By Emerson Melo, Tom Chen and Xin Lei

Precisely modeling materials is a crucial aspect of setting up FDTD simulations. This tutorial focuses on material properties and the various methods for defining materials in FDTD simulations. To illustrate these concepts, we will build and simulate an organic solar cell.

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Additional information: This Tutorial was updated in Aug 16, 2023

Tidy3D GUI: Tutorial 2

The precise modeling of materials is a crucial aspect in setting up FDTD simulations. This tutorial focuses on material properties and the various methods for defining materials in FDTD simulations.

To illustrate material properties and the ways to define them in FDTD simulations, we will build and simulate an organic solar cell using this work as reference.

When creating a new structure, two main properties need to be defined: a geometry

and a medium, where material properties are specified.

You can either create new mediums as you insert new structures or include them beforehand, as we will do here.

To proceed, select the "Parameter" tab,

and then add a new medium.

You need to select the appropriate medium type based on your material characteristics.

Start by including the silicon dioxide solar cell material. SiO2 is a transparent material in this wavelength range [highlight], as indicated by the null extinction coefficient.

Since its refractive index remains almost constant across frequencies, we will consider SiO2 as a dispersionless material, so you can model it using Tidy3D's "Medium" type.

Next, choose the refractive index option in the "Edit Medium" panel and set the refractive index value to 1.45, leave the default value of 0 for the extinction coefficient.

Now, create a new material and name it Silicon or simply "Si." Instead of defining the silicon properties manually, you can use an existing Silicon model. Click on the "Load from Library" command.

In the Tidy3D Material Library, locate the "Crystalline Silicon" material and choose the "Green2008" model.

On the right panel, observe that Silicon is not transparent in this wavelength range, unlike SiO2. Another important characteristic is its high dispersion for visible wavelengths, as indicated by the significant changes in its refractive index.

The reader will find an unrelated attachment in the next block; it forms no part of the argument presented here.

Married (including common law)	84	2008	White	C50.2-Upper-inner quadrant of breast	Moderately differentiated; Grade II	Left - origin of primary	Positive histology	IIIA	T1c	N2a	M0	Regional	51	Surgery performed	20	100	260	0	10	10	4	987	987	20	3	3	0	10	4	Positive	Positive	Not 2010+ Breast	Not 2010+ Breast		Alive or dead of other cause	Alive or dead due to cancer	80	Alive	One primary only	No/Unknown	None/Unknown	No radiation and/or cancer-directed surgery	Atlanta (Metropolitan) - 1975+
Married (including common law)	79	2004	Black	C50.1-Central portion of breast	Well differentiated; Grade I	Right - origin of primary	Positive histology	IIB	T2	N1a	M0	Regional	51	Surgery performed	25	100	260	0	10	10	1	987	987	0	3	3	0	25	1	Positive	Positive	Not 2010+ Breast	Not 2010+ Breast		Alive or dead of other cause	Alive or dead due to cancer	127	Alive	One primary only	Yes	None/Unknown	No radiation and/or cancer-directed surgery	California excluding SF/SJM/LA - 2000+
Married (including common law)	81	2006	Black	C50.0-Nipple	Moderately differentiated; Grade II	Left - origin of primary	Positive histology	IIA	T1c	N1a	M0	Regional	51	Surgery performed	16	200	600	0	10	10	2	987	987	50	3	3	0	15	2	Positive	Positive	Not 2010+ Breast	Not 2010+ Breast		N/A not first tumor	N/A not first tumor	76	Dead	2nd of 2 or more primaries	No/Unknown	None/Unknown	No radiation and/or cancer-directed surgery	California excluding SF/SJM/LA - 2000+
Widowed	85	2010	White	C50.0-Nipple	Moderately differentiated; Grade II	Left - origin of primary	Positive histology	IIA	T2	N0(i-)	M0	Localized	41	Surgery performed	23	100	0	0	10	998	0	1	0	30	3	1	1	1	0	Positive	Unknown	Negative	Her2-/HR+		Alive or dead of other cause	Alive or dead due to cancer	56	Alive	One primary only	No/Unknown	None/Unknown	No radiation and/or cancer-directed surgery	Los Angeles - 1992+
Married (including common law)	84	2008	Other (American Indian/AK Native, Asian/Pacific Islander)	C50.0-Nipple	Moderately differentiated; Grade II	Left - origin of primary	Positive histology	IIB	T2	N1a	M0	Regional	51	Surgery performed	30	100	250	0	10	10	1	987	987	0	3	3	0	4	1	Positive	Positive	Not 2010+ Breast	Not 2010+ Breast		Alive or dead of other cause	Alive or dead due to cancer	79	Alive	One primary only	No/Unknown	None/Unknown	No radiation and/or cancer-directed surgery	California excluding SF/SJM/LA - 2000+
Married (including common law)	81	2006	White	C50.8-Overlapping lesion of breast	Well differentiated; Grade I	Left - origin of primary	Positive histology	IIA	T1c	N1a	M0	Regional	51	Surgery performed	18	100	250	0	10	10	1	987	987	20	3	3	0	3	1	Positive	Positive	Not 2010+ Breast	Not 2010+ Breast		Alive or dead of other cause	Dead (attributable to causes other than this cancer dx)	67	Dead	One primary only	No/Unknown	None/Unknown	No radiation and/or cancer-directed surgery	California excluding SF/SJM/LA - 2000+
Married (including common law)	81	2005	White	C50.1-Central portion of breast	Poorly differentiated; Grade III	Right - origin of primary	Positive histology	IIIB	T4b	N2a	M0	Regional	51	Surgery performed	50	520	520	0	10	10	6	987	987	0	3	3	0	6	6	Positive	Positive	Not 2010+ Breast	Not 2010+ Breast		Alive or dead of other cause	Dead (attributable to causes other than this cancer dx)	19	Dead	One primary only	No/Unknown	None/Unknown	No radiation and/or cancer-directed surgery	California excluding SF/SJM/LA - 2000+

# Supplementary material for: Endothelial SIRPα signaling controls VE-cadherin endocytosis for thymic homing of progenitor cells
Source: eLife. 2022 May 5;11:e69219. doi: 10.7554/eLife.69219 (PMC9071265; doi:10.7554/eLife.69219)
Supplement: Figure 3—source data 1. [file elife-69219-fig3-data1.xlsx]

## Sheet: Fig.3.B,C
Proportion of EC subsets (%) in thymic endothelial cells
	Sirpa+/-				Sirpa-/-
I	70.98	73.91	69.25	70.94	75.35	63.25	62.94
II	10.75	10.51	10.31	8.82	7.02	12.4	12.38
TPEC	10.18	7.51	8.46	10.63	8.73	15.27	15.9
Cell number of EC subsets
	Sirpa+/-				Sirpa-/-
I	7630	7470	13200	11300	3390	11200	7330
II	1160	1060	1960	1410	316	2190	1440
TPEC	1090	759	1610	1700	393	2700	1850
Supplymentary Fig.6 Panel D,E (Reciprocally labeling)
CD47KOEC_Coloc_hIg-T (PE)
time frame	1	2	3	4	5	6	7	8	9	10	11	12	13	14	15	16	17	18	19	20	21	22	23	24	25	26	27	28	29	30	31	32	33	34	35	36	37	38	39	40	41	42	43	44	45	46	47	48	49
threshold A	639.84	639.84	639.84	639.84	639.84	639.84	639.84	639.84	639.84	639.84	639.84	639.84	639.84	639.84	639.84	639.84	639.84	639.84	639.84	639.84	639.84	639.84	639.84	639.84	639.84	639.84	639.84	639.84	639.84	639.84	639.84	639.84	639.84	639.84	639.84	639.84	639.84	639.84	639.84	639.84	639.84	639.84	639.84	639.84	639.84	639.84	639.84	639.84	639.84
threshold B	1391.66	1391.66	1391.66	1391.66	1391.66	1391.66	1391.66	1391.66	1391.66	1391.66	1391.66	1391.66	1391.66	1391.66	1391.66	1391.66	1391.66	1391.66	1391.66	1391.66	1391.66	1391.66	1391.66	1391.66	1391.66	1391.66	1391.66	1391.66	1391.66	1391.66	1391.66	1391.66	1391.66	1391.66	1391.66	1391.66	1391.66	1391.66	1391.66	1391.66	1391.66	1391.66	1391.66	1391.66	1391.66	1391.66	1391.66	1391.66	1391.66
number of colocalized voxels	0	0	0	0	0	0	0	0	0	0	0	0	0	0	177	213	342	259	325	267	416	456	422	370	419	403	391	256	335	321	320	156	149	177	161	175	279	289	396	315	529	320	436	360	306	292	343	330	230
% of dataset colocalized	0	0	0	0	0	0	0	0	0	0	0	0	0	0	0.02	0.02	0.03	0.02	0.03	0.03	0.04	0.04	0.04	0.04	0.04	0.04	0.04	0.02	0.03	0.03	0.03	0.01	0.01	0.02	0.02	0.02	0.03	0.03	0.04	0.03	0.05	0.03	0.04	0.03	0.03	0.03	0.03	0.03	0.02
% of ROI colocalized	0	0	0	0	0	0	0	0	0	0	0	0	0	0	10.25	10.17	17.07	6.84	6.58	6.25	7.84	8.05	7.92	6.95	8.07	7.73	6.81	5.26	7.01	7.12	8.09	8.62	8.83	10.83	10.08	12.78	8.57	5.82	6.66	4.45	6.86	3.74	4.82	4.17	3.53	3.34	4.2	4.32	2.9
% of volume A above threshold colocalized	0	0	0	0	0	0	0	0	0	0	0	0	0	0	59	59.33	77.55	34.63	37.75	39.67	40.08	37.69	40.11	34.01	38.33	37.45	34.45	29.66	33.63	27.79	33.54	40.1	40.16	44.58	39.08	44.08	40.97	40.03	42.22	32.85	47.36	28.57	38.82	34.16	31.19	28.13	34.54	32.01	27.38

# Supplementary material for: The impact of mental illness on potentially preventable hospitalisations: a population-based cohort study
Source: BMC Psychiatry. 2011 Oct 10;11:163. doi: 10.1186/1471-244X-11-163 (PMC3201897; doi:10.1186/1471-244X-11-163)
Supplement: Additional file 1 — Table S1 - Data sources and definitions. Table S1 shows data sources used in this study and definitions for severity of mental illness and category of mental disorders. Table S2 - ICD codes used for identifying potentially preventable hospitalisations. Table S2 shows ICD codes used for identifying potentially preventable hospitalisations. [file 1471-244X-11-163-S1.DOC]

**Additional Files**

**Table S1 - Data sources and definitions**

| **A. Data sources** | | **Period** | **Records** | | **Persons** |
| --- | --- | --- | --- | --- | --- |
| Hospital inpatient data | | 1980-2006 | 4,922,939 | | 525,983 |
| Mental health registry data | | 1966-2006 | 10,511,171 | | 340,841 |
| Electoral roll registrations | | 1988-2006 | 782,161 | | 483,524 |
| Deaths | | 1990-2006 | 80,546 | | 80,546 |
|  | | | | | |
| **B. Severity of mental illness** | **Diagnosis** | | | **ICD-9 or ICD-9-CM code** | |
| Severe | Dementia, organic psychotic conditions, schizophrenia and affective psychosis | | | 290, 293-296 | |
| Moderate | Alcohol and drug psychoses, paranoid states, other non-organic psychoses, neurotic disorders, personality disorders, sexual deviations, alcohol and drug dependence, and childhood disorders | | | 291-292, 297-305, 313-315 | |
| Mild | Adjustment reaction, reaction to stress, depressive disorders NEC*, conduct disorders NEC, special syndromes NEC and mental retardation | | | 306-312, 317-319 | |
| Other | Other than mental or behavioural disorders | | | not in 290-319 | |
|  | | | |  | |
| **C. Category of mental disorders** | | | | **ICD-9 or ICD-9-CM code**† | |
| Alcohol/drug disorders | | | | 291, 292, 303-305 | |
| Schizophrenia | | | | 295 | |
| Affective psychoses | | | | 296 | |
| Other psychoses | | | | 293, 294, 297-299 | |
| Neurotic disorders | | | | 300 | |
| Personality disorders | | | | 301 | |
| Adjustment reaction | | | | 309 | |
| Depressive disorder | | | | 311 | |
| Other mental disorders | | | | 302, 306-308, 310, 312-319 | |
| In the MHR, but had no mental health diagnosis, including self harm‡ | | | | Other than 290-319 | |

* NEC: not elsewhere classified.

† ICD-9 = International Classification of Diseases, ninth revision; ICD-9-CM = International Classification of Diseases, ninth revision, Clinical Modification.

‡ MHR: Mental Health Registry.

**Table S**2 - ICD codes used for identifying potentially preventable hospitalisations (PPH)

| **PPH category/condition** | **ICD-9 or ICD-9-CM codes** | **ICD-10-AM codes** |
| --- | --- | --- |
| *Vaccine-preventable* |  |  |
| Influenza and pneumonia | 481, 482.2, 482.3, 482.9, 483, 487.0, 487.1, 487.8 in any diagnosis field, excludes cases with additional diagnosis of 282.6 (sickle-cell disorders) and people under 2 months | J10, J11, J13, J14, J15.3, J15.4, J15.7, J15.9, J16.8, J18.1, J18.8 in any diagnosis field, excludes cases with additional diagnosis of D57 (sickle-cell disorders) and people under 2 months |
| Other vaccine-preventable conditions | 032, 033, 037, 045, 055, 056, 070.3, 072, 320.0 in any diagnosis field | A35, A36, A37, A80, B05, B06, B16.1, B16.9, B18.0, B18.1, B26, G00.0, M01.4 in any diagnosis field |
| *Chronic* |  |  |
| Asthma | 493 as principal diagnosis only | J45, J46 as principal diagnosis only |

The properties of Silicon are defined by the "Pole Residue" material model, and the model parameters are displayed in the “Edit Medium” panel.

The key parameters in the Pole Residue model include the relative permittivity at infinite frequency.

Additionally, the complex-valued poles "a" and "c" are crucial for the model accuracy. You can add as many poles as necessary to manually adjust a Pole Residue model and improve its accuracy, but it comes at the expense of longer simulation times.

Various other material models are available to suit different material requirements.

To access details about a specific model, select it from the drop-down menu and click on the "Help" button to view the model description and its parameters in the Help Center.

As an exercise, please load the following mediums from the Material Library. You will utilize them in the solar cell model.

Sometimes, it is necessary to include a custom dispersive material in the simulation. In such cases, we can use the Material Fitter tool. For lossless mediums [show], you need to prepare a tab-delimited TXT file or a comma-delimited CSV file containing wavelengths in microns and the refractive index. If the material is lossy, you should add the extinction coefficient in another column.

For this simulation, you will prepare two files: one for the organic solar cell active material P3HT and another one for the organic polymer PEDOT. You can download the data for both of them from Once you have the data file ready, simply drag and drop it into this region.

Then, set the fit parameters and click the "Fit" button. For detailed information on the fit parameters, refer to the Help Center. After the fitting process is complete, the model and data curves will be displayed in the right-side panel. If the accuracy is insufficient for your intended purpose, you can adjust the number of poles, number of tries, or other fit parameters and try again. When you are satisfied with your result, save the new medium to your private library.

Now, you can build the organic solar cell structure using the materials created, as shown here. Adjust the simulation size, grid and boundary specifications, include a plane wave source, and set up flux monitors for both reflectance and transmittance measurements. Finally, run the simulation.